What I like about reference/dereference approach of C# is clean syntax — you work with data (struct) and pointers to data (class), yet in no place so far I made explicit mark that I have pointer or that I dereference a pointer. However the world of data in C# is so much divided that it takes an extra effort to write a method coping with structures and classes in generic way.

I would like to have in Skila more of C# model than C++, but not entirely — the level of control C++ provides is desirable. And each time I think of novel approach I come up with the same conclusion, so here we go…

The basic type definition would be “struct” with the same meaning as in C++. The usage:

var a Foo = new Foo(); 
var b ^Foo = new ^Foo();
var c ^^Foo = new ^^Foo();
// and so on

a” would be an instance of type (struct) “Foo”, “b” would be a pointer to “Foo”, and “c” would be a pointer to pointer to “Foo”.

Skila would have “class” keyword but unlike C# it would not mean a pointer to data, but pointer by default. You could be able to derive “class” from “struct” or vice versa, and of course you would be able to override default behaviour. Let’s assume “Bar” was defined as “class”:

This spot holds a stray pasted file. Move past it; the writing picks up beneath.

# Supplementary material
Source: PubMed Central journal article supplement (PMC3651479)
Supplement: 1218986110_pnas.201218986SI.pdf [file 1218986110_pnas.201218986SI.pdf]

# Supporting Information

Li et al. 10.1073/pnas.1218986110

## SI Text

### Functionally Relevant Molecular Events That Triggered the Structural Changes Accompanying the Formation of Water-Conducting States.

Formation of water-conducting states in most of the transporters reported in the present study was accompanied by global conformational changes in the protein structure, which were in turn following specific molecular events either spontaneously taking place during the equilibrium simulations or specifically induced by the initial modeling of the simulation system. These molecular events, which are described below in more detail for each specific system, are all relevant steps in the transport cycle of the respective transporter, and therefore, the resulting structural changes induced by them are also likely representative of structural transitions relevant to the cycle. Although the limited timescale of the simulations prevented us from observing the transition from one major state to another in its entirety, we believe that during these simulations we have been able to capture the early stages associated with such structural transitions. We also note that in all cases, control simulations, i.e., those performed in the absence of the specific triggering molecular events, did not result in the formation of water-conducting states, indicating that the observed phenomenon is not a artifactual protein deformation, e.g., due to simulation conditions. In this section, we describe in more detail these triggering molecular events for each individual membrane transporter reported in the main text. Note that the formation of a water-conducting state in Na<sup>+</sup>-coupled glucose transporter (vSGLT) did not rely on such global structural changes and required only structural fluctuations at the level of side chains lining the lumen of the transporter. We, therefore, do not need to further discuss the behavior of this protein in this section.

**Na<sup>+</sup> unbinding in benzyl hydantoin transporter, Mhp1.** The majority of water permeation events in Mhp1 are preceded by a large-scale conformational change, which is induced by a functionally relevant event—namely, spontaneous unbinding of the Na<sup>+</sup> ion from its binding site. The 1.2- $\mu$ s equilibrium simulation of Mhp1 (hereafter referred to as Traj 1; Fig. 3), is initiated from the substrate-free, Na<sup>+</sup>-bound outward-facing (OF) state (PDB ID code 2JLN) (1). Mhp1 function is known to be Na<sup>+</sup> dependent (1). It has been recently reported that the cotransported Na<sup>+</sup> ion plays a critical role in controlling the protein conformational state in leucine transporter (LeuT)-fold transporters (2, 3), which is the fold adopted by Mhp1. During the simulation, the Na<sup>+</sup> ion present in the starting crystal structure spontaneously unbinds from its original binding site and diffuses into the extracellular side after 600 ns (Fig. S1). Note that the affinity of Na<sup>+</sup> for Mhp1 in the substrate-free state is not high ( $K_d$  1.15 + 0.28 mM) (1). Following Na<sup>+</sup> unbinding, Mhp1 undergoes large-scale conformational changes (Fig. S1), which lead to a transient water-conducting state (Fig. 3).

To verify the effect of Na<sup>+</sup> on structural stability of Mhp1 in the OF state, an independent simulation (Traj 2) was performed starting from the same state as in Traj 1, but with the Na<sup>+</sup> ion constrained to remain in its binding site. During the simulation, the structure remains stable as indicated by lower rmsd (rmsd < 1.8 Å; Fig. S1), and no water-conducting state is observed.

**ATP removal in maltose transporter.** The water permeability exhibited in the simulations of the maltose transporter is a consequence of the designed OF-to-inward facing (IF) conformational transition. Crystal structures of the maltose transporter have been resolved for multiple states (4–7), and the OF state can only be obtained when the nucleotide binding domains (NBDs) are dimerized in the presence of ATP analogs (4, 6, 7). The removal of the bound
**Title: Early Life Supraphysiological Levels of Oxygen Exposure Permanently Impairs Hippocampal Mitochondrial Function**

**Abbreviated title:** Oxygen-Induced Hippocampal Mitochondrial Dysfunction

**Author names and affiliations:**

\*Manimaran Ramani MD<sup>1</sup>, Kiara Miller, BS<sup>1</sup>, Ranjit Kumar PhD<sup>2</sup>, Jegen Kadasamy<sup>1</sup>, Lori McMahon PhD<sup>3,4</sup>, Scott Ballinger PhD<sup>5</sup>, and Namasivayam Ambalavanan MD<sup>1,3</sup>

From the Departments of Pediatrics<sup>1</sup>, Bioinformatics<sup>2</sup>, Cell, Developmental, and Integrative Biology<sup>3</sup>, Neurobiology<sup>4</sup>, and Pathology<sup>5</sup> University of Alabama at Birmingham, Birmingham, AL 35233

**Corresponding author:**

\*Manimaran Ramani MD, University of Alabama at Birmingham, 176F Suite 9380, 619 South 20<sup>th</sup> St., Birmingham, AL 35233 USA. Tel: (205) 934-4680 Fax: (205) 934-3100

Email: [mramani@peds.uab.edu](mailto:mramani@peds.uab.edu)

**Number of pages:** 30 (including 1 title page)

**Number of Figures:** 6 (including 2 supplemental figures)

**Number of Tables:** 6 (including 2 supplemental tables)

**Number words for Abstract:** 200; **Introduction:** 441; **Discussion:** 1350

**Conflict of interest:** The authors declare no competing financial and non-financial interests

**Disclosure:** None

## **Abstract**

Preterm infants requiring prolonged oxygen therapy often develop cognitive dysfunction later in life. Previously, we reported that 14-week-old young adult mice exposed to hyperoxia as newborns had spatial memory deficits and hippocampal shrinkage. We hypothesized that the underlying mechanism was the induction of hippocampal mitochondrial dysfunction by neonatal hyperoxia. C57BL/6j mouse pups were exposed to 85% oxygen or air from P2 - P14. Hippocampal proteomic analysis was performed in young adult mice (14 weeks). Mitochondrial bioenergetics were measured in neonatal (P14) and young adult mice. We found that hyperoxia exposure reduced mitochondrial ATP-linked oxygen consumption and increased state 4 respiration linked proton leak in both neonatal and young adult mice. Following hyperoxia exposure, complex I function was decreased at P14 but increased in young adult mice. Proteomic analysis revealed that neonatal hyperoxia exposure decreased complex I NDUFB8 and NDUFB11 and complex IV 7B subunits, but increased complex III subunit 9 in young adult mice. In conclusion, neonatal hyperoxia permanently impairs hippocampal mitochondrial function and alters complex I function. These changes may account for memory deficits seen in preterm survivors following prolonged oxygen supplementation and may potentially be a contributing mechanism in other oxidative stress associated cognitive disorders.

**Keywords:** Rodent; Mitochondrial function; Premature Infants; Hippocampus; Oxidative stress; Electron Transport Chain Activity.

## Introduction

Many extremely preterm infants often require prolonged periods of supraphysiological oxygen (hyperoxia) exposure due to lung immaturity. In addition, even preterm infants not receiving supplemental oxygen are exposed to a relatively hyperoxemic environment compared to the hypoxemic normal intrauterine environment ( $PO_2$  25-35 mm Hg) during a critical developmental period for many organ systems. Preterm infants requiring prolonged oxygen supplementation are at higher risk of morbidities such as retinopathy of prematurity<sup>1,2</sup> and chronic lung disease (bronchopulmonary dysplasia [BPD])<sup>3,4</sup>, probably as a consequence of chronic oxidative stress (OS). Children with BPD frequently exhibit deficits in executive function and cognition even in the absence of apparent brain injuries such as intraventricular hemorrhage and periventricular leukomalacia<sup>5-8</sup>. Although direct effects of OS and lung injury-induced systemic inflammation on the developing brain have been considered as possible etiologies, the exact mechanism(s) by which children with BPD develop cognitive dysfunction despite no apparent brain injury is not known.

var v *Bar = new *Bar(); 
var w Bar = new Bar();
var x ^Bar = new ^Bar();
// and so on

This is equivalent of Foo example — in the first line “vis data (because of dereference operator — “*”). “w” is a pointer to “Bar” (default behaviour for class), and “x” is a pointer to pointer to “Bar”.

We need one final touch — automatic referencing and dereferencing. This means you can overload functions on types but not on reference depth (some price has to be paid). The advantage is you have to pay attention when implementing receiver (type declaration, a function) and on callee side you can rely on the simplest syntax. For example:

var b ^Foo = new Foo();
var v *Bar = new Bar(); 

But:

var b = new ^Foo();
var v = new *Bar(); 

And function declaration and call:

def CallMe(f ^^Foo) Void;

CallMe(new Foo());

So far I didn’t see a language like this, so I hope overloading on reference depth won’t be deadly needed.

Tagged , , , ,